Toussaint's Clause: The Founding Fathers and the Haitian Revolution

By Gordon S. Brown | Go to book overview

THE TRADE SUSPENDED

The Clearance Act, of course, did not solve the problem. Virtually everyone involved in the legislation realized that it offered too many loopholes to be able to stop the armed trade. And even if it had done so, the French persisted in considering the entire trade with the rebels, armed or not, contraband or not, an unfriendly and perhaps even illegal practice. Indeed, some of Jefferson's supporters agreed with the French position, among them Congressman Eppes, Senator Logan, and even Secretary of the Treasury Gallatin. The influential Gallatin had called the trade “altogether illegal,” and argued that the United States could only trade legally with the rebels if it took the step—both politically and diplomatically dangerous—of acknowledging their independence.1

But the act did at least buy time. The initial French response to the president's initiative, Armstrong reported from Paris early in 1805, was positive. Talleyrand, Armstrong also wrote, had even offered to promote with Bonaparte the idea of allowing innocent, noncontraband American trade with Haiti. The minister's offer, on the other hand, had been accompanied with the suggestion that he be paid a substantial bribe for rendering the service, making it seem just another duplicitous gesture by that master of insincerity.2 There was no follow-up by either side.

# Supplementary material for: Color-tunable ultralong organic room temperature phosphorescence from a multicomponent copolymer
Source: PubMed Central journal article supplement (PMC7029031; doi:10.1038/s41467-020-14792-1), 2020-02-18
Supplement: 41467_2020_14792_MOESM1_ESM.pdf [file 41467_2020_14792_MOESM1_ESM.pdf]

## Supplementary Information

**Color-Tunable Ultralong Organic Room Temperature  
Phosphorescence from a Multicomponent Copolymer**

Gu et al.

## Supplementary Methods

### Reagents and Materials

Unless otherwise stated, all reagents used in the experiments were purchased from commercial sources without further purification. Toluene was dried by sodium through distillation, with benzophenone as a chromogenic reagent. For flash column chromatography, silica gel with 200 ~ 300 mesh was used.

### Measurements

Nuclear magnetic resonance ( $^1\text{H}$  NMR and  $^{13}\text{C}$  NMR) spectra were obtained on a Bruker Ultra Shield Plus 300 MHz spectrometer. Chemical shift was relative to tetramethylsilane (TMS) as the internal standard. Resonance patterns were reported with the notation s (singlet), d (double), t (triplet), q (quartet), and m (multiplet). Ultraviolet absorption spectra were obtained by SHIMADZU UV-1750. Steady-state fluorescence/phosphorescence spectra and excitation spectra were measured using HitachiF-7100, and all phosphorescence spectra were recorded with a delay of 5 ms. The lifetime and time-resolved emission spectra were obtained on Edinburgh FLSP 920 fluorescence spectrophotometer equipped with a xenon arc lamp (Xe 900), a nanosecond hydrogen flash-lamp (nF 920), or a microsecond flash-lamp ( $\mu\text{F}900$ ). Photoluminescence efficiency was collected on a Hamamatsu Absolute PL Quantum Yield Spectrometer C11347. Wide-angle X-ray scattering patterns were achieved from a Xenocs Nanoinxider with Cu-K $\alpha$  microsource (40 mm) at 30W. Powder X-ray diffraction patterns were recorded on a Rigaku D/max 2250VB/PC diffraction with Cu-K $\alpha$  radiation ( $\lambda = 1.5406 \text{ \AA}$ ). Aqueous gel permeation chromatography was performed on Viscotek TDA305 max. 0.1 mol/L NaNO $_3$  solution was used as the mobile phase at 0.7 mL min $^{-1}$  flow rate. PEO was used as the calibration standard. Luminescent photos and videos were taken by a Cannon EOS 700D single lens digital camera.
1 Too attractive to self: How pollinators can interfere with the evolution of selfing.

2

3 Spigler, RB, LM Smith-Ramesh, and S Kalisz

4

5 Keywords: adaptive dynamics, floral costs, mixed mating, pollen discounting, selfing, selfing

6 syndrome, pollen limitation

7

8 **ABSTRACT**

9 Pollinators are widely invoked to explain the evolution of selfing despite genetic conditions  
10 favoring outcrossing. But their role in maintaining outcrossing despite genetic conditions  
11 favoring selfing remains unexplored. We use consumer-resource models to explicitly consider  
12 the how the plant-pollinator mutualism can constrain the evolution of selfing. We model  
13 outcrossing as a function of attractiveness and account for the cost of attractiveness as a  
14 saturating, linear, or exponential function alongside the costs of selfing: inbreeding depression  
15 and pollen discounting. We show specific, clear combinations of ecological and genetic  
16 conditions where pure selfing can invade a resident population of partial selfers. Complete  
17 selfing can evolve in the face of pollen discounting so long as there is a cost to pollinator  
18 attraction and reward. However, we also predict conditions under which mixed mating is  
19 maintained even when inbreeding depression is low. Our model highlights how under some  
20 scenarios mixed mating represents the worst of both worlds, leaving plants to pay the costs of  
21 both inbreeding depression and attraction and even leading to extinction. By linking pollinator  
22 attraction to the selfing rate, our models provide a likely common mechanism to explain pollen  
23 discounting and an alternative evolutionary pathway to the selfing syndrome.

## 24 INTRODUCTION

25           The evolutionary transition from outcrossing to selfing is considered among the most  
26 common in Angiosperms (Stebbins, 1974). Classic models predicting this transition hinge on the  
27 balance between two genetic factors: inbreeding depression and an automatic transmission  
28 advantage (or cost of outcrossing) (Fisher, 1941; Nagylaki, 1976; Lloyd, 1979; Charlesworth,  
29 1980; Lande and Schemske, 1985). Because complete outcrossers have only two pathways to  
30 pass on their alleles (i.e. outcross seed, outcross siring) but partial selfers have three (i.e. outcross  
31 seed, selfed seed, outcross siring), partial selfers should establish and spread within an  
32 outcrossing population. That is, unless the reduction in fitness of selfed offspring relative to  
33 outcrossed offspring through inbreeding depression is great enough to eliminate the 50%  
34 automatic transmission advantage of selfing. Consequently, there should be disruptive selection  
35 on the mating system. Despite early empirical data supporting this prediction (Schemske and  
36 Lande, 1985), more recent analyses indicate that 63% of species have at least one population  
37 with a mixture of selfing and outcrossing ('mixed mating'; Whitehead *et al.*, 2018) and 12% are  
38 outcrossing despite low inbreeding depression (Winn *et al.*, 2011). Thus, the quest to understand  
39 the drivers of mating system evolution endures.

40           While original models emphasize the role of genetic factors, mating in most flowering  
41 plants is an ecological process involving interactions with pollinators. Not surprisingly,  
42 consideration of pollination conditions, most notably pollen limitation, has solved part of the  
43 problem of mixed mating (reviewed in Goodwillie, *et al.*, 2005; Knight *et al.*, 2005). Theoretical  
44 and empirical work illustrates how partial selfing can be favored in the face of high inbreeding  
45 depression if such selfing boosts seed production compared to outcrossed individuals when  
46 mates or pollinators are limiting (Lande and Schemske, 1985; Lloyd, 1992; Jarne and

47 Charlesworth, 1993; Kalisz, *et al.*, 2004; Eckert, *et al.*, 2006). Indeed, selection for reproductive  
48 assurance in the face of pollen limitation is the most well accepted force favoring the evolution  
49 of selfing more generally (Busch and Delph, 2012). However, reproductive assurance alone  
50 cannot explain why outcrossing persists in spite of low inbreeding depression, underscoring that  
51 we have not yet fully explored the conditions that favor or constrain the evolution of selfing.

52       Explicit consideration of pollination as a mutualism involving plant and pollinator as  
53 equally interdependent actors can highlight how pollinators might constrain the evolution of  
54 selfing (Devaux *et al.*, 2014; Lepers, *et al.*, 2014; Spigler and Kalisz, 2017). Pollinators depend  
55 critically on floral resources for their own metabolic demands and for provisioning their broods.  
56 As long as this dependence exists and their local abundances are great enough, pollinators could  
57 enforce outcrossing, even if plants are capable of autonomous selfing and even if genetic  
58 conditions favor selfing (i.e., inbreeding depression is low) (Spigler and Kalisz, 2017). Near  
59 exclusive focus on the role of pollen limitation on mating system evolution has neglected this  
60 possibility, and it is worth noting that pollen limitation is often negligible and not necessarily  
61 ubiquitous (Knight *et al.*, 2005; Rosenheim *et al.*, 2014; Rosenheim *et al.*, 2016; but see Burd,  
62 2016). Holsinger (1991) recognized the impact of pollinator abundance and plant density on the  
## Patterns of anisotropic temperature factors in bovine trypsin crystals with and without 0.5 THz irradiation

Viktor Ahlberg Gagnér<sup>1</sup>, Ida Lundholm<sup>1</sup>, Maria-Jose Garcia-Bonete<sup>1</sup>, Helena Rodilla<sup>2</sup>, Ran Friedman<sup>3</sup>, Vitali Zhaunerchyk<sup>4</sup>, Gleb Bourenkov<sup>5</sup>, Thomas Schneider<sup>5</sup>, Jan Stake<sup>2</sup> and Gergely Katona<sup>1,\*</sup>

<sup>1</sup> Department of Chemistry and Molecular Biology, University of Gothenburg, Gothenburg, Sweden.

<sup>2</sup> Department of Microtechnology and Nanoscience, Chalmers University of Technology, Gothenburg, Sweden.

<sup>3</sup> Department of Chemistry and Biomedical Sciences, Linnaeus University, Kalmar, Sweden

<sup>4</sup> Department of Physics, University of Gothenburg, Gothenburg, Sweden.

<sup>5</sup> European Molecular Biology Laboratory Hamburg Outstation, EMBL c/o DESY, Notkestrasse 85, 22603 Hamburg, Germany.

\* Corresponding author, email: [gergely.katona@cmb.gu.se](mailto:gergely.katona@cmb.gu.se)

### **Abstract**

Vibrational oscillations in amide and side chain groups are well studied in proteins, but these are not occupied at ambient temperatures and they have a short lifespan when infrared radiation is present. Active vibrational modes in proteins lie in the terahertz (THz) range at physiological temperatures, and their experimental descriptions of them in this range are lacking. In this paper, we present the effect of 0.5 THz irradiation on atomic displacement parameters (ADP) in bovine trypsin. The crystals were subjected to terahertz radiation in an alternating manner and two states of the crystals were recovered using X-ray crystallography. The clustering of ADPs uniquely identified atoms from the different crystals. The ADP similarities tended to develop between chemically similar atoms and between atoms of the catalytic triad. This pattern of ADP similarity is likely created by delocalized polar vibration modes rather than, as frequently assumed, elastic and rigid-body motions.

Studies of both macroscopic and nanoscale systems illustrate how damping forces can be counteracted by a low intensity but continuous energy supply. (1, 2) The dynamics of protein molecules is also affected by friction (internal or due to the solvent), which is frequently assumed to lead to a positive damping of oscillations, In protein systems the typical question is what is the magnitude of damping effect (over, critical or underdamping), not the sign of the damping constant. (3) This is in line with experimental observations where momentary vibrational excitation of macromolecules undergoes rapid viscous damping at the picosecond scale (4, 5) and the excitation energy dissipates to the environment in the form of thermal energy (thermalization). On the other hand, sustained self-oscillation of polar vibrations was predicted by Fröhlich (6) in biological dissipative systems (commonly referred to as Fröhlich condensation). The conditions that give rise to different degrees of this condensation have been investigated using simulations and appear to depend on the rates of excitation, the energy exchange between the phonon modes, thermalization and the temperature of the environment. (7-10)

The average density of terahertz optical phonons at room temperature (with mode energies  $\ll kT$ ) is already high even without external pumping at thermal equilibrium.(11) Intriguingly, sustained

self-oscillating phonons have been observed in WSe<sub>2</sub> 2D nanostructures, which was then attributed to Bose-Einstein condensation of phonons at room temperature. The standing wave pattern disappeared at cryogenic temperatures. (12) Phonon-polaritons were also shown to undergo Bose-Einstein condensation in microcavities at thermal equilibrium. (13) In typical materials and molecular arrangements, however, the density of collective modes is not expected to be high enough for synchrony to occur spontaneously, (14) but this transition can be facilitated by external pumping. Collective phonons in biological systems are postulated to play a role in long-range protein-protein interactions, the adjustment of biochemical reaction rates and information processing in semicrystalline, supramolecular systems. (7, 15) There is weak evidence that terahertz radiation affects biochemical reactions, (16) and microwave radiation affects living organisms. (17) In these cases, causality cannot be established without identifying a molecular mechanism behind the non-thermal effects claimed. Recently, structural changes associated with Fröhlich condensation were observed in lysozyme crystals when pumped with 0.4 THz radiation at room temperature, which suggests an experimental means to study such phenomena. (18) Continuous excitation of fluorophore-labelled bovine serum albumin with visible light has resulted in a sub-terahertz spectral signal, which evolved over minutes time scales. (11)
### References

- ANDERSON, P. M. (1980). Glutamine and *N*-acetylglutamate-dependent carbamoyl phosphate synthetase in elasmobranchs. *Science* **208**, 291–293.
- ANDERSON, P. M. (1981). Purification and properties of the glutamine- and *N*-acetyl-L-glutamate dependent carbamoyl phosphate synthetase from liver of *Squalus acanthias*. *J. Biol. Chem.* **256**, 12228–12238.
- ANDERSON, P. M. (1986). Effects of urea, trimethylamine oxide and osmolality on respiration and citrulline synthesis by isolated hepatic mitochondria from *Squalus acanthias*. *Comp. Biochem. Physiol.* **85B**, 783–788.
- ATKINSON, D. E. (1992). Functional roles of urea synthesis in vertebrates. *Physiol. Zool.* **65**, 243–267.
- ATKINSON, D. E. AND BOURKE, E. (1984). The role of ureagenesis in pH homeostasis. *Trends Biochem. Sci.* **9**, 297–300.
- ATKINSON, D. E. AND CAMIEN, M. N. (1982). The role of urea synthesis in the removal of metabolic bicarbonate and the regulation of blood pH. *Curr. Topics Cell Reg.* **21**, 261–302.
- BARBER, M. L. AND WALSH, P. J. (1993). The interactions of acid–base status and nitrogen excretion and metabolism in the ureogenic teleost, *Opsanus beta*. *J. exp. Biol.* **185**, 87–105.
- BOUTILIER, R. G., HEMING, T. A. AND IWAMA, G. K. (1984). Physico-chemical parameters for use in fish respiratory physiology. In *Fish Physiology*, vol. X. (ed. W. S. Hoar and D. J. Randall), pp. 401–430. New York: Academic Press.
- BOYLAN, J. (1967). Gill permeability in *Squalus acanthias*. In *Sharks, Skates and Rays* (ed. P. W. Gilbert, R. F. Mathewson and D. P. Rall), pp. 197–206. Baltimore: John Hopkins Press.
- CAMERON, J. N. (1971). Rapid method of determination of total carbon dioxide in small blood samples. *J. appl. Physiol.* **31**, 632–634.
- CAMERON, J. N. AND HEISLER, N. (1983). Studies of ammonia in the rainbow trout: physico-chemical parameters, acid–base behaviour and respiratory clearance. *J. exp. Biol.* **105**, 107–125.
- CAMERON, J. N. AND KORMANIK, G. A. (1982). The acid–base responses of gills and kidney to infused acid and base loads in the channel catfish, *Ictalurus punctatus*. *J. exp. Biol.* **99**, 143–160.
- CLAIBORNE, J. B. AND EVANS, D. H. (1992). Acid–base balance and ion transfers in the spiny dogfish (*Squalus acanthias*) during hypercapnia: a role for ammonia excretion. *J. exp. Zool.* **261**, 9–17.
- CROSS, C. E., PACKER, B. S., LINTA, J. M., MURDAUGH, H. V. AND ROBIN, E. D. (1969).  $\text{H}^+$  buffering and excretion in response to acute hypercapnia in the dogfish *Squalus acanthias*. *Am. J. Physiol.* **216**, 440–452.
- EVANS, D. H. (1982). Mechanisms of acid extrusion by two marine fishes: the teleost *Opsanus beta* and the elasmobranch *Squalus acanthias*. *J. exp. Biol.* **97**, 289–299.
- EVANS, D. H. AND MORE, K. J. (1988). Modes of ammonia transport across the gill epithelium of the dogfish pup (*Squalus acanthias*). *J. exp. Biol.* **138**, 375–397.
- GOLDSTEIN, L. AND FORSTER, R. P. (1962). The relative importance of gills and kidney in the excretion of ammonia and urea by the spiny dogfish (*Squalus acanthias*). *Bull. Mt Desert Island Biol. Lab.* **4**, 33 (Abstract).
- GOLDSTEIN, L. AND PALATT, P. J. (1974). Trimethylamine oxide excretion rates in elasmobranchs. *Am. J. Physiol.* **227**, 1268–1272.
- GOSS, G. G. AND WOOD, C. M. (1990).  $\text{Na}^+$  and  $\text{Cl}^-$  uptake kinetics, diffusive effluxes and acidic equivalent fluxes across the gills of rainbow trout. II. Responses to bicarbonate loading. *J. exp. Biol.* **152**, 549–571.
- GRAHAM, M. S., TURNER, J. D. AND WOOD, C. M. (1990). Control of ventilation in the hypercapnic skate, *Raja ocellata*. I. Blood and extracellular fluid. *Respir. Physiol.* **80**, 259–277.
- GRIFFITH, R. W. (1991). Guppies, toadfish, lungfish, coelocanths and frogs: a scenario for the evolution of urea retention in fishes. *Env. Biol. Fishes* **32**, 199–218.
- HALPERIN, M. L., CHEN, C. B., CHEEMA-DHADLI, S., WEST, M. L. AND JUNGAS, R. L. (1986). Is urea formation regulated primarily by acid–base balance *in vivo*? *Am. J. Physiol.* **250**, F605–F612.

The Americans, for their part, continued to press the French on the harmful effects of the previous summer's decree by Governor

-263-

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Toussaint's Clause: The Founding Fathers and the Haitian Revolution
Table of contents

Table of contents

  • Title Page iii
  • Contents v
  • Foreword vii
  • Preface ix
  • Introduction 3
  • July 1790 8
  • St. Domingue 23
  • White Cockade, Red Cockade 45
  • The Cost of Neutrality 66
  • Trouble with Britain 89
  • Trouble with France 106
  • Toussaint's Clause 126
  • Creating a Quarantine 144
  • The St. Domingo Station 162
  • Jefferson Equivocates 179
  • The Leclerc Expedition 199
  • St. Domingo and Louisiana 213
  • A Risky Trade 229
  • The Clearance Act Debate 245
  • The Trade Suspended 263
  • Embargo and Neglect 279
  • Epilogue 292
  • Notes 296
  • Bibliography 310
  • Index 317
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